Ukrainian ambassador warns Russia is attacking democracy, ‘will not stop after Ukraine’

The Ukrainian ambassador to the U.S. on Sunday warned that Russia's hostility toward Ukraine is not limited to any particular conflict between the two countries, but is part of a larger mission against democracy itself.

Amb. Oksana Markarova appeared on CBS’ "Face the Nation" to discuss Russia’s massing of an estimated 100,000 troops near the border with Ukraine and the rising fears that Moscow is planning an invasion.

"If Ukraine will be further attacked by Russia, of course they will not stop after Ukraine," Markarova said. "That’s why it’s in the interest of Europe and all the democratic world to help us to defend ourselves but also to show that the international rule of law still works."

Markarova called Russia the "aggressor" in a war against democracy that she said began for Ukraine eight years ago with the illegal occupation of Crimea.

"It’s an attack on democracy and I believe nobody is safe if Ukraine will be attacked," she said.

KYIV, UKRAINE - 2022/01/29: Ukrainian reservist take part in training with "Territorial Defense Forces just outside the capital city of Kyiv as Russian military forces continue to mobilize on the Ukrainian border. (Photo by Michael Nigro/Pacific Pres

The ambassador said Ukraine has been defending itself for the last eight years, fighting for democracy and its future in Europe.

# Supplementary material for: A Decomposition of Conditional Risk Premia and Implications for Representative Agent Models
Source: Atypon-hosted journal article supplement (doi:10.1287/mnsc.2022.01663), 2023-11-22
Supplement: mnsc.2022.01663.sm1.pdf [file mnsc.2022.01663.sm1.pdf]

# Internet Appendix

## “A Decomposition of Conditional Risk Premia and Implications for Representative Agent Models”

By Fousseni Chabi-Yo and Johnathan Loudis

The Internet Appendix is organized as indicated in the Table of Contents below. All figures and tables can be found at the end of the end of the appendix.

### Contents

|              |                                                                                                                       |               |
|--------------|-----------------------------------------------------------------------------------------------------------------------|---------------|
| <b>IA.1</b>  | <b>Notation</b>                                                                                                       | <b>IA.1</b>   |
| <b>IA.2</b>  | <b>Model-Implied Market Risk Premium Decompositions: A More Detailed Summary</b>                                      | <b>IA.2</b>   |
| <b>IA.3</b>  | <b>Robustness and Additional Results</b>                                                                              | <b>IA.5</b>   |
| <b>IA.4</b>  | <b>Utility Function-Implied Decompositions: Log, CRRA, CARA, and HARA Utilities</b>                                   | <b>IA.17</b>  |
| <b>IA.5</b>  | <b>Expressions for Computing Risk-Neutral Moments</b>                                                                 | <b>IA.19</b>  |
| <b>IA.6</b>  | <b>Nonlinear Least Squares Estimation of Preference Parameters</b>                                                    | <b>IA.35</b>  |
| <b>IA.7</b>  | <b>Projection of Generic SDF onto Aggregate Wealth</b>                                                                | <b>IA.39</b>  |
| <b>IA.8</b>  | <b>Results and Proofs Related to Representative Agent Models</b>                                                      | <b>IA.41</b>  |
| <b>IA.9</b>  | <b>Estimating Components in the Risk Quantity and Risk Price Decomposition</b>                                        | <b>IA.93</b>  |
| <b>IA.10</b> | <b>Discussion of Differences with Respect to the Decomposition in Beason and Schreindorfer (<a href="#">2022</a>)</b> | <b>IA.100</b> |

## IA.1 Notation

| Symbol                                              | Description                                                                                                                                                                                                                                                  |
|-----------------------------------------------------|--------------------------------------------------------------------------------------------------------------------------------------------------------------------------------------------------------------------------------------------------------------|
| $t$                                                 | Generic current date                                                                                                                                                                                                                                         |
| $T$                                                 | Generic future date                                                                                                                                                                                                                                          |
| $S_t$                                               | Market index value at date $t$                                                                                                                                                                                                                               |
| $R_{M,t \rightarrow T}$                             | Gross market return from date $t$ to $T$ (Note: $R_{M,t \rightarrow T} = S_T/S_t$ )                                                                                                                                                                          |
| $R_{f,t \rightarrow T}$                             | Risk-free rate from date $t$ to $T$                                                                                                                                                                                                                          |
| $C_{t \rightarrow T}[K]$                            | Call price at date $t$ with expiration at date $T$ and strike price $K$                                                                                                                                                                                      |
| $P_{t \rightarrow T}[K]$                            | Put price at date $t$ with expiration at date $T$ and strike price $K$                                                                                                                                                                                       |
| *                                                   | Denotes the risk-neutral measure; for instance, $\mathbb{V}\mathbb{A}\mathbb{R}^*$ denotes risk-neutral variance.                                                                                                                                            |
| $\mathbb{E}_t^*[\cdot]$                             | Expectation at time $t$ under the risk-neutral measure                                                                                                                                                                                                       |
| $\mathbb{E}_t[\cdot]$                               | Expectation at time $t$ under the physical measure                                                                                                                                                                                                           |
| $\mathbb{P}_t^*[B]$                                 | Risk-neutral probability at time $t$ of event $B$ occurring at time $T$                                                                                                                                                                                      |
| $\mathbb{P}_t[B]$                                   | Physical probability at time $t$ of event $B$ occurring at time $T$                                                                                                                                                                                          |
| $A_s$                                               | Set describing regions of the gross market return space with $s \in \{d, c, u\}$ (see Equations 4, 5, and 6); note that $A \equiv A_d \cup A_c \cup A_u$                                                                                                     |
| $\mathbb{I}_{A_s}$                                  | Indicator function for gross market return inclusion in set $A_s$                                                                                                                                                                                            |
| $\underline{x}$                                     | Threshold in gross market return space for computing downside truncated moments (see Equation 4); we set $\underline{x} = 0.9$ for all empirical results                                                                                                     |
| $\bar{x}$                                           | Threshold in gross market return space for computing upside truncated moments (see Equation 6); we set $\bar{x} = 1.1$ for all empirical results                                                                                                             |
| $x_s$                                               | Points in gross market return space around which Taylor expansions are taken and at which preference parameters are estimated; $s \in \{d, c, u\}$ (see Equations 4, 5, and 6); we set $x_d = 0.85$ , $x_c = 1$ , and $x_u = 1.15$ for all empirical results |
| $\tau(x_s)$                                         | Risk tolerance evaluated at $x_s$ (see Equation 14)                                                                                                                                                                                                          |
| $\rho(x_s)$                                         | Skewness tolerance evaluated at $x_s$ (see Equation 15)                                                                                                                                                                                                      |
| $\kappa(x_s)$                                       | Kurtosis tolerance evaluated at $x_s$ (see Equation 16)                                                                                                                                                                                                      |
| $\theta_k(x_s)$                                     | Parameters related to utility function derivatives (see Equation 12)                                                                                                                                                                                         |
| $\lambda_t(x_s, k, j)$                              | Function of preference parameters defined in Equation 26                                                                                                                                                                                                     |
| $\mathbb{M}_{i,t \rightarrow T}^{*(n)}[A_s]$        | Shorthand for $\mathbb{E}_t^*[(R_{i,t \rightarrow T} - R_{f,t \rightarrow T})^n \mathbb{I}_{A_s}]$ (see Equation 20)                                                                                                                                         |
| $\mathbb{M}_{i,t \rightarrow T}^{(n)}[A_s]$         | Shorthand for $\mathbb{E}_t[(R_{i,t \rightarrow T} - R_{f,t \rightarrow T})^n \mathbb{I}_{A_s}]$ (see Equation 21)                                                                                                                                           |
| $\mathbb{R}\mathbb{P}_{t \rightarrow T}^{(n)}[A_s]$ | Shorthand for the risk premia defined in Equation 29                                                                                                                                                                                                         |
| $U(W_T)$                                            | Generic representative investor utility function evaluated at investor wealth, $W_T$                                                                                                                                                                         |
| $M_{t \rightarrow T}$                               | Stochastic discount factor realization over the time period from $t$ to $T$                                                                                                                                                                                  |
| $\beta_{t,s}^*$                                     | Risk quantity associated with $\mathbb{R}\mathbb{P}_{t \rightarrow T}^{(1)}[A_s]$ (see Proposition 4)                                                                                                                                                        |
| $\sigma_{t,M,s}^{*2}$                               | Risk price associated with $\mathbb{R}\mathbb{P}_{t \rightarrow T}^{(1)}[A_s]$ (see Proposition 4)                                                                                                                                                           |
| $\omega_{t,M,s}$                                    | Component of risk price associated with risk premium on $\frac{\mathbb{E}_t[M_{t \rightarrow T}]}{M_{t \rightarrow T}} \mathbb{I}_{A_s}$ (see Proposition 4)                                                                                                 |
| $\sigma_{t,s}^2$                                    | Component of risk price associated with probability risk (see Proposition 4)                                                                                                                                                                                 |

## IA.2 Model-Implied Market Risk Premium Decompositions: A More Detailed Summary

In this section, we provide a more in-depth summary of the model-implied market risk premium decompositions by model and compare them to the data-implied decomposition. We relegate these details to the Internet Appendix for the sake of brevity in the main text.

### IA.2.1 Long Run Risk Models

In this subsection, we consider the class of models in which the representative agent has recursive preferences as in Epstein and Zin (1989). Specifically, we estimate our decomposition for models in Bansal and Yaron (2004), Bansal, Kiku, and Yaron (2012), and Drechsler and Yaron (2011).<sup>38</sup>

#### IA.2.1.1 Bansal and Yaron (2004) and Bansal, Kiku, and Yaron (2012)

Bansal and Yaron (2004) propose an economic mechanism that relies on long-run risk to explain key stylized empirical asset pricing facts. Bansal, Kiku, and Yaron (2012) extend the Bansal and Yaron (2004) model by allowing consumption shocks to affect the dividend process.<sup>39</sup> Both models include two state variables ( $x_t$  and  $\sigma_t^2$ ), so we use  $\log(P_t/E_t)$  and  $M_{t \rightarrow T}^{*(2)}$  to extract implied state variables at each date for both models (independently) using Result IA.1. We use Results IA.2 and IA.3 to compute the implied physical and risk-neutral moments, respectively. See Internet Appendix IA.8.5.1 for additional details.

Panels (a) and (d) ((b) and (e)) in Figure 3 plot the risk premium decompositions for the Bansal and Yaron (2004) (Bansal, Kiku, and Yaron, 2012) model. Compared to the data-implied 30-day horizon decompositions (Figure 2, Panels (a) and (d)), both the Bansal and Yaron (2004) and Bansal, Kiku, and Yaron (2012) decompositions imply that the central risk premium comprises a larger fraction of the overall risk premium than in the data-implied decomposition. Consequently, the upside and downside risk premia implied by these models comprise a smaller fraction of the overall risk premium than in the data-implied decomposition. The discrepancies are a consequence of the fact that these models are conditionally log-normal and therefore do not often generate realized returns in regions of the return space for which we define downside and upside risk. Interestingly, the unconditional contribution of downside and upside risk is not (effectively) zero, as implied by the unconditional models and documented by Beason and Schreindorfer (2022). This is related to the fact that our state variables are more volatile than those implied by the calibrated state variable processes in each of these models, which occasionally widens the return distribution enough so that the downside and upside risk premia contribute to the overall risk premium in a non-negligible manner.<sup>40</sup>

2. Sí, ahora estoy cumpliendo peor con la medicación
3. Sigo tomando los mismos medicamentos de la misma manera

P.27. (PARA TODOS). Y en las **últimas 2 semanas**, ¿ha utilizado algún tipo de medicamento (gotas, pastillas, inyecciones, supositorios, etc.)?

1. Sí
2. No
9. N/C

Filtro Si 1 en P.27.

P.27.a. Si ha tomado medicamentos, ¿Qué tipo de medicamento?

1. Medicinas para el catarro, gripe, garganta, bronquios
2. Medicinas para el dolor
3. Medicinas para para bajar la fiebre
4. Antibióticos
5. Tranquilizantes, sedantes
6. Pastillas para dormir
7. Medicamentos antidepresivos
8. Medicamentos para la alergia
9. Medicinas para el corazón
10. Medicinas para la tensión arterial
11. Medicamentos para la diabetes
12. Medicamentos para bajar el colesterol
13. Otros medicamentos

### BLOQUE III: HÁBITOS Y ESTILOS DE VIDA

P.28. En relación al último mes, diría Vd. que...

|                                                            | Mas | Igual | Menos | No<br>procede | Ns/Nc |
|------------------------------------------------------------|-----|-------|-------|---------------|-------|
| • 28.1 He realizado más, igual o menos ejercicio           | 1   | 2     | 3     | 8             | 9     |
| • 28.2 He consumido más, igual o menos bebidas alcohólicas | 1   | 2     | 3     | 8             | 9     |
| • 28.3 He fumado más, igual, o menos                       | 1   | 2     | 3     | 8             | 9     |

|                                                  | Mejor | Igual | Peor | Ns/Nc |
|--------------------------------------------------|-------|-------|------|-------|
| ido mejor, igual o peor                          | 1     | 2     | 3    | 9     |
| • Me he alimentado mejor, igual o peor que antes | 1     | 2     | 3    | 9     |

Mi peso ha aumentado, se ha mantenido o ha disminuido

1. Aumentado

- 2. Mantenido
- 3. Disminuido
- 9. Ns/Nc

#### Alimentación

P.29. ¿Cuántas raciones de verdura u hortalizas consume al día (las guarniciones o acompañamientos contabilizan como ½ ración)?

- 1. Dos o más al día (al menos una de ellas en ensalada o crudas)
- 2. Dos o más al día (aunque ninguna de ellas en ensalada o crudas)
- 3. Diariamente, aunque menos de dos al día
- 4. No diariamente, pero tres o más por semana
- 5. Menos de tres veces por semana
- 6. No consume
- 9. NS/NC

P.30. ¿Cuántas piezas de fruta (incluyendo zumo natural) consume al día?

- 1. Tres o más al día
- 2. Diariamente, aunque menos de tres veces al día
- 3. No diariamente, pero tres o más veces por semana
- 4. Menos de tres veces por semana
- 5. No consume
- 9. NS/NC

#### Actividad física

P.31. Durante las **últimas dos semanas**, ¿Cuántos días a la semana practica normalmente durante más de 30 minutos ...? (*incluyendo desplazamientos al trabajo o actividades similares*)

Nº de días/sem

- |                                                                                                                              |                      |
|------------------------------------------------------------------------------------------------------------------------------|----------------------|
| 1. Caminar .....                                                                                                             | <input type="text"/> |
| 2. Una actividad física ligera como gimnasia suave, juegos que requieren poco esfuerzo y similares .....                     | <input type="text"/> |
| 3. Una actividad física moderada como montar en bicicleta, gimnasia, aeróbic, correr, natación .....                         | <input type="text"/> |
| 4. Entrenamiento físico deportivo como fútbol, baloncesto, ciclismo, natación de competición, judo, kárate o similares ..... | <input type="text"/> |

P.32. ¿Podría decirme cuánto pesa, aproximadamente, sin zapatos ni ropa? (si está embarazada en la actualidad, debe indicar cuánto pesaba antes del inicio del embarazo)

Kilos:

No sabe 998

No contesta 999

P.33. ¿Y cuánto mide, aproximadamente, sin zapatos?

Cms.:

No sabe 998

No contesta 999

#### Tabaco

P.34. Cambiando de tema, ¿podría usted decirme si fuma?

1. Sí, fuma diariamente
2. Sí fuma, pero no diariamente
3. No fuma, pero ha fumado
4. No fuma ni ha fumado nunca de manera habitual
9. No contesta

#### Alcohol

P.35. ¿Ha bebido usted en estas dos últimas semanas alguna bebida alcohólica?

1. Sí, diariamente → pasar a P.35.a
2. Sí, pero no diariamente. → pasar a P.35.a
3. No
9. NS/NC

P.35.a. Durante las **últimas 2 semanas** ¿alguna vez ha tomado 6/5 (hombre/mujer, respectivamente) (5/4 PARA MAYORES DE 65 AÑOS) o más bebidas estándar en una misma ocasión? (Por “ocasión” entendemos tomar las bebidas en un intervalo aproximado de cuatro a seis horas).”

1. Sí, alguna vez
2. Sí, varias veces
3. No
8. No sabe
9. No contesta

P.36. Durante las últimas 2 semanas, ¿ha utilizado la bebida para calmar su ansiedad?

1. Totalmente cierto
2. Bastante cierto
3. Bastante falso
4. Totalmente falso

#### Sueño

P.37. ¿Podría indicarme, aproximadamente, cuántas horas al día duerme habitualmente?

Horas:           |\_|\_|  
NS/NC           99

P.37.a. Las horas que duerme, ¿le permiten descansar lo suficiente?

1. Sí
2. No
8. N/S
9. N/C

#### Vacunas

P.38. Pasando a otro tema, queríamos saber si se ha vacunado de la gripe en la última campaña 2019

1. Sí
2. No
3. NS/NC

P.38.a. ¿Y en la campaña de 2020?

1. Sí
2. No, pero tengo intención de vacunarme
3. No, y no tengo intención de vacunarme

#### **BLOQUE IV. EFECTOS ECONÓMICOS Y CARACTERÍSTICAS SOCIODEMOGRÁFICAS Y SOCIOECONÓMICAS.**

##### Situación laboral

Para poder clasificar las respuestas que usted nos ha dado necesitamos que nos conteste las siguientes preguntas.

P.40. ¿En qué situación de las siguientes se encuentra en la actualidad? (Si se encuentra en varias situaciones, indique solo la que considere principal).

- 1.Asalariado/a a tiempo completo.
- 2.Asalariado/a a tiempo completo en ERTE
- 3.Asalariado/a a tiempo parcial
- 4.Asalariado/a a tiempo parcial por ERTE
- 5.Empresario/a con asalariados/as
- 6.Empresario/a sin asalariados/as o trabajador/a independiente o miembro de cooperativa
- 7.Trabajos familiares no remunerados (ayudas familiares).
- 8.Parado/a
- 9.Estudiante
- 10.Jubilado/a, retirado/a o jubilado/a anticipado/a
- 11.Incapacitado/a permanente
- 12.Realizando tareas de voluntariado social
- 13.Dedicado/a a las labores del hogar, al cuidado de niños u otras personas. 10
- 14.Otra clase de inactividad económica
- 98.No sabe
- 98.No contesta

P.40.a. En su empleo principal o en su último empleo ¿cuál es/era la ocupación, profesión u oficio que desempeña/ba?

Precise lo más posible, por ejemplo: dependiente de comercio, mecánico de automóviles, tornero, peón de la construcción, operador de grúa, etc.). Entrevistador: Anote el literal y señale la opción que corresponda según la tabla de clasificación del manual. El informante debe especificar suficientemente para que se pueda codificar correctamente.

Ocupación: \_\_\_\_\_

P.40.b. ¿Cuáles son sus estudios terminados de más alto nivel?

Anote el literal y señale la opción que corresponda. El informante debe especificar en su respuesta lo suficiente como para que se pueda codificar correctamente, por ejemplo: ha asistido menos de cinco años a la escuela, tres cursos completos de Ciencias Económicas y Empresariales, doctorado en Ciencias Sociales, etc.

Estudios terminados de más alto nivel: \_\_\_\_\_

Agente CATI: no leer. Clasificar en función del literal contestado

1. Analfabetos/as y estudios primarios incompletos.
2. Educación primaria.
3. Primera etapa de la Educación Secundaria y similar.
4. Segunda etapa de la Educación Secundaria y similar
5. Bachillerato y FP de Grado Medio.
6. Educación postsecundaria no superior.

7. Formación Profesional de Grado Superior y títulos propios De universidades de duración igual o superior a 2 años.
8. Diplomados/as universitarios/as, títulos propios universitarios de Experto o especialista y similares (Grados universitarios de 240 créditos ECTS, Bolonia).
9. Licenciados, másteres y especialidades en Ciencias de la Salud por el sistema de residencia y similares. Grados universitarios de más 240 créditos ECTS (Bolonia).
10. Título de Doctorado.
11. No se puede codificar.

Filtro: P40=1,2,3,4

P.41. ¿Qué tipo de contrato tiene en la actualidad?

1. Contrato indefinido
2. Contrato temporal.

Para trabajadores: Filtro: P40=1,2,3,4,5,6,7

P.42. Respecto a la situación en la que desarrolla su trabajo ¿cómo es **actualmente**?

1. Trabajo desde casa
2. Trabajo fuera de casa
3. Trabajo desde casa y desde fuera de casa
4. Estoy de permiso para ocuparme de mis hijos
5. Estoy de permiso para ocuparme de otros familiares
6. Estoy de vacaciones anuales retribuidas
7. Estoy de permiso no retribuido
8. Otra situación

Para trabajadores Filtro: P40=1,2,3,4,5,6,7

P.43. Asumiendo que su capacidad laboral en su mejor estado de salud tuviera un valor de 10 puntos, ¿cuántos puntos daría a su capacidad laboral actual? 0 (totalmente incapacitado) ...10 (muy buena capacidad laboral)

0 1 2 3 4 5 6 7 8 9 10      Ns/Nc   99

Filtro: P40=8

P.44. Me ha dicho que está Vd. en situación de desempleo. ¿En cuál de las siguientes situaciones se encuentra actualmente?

"We don’t want to be part of the Soviet Union or the Russian Empire or the Russian Federation," Markarova said. "We want to be sovereign. We are sovereign, and we are fighting for our independence."

While Ukraine has been seeking NATO membership for years, Russia has long resented NATO's granting of membership to countries that were once part of the Soviet Union or were in its sphere of influence as members of the Warsaw Pact.

Russia has demanded that NATO promise never to allow Ukraine to join the alliance, and to stop the deployment of NATO weapons near Russian borders and roll back its forces from Eastern Europe.

Markarova downplayed questions about friction between the U.S. and Ukraine over when to introduce sanctions against Russia and reaffirmed that the U.S. is its "strategic friend."

While Markarova said Ukraine believes the basis for sanctions is there now, the U.S. and European Union countries have said that a Russian invasion would trigger heavy sanctions.

As warnings from the West of a possible Russian invasion increase, the U.S. last week placed 8,500 troops on heightened preparedness for deployment should that occur. 

Meanwhile, Russian President Vladimir Putin has made no public remarks about the Western response.

The Associated Press contributed to this report.

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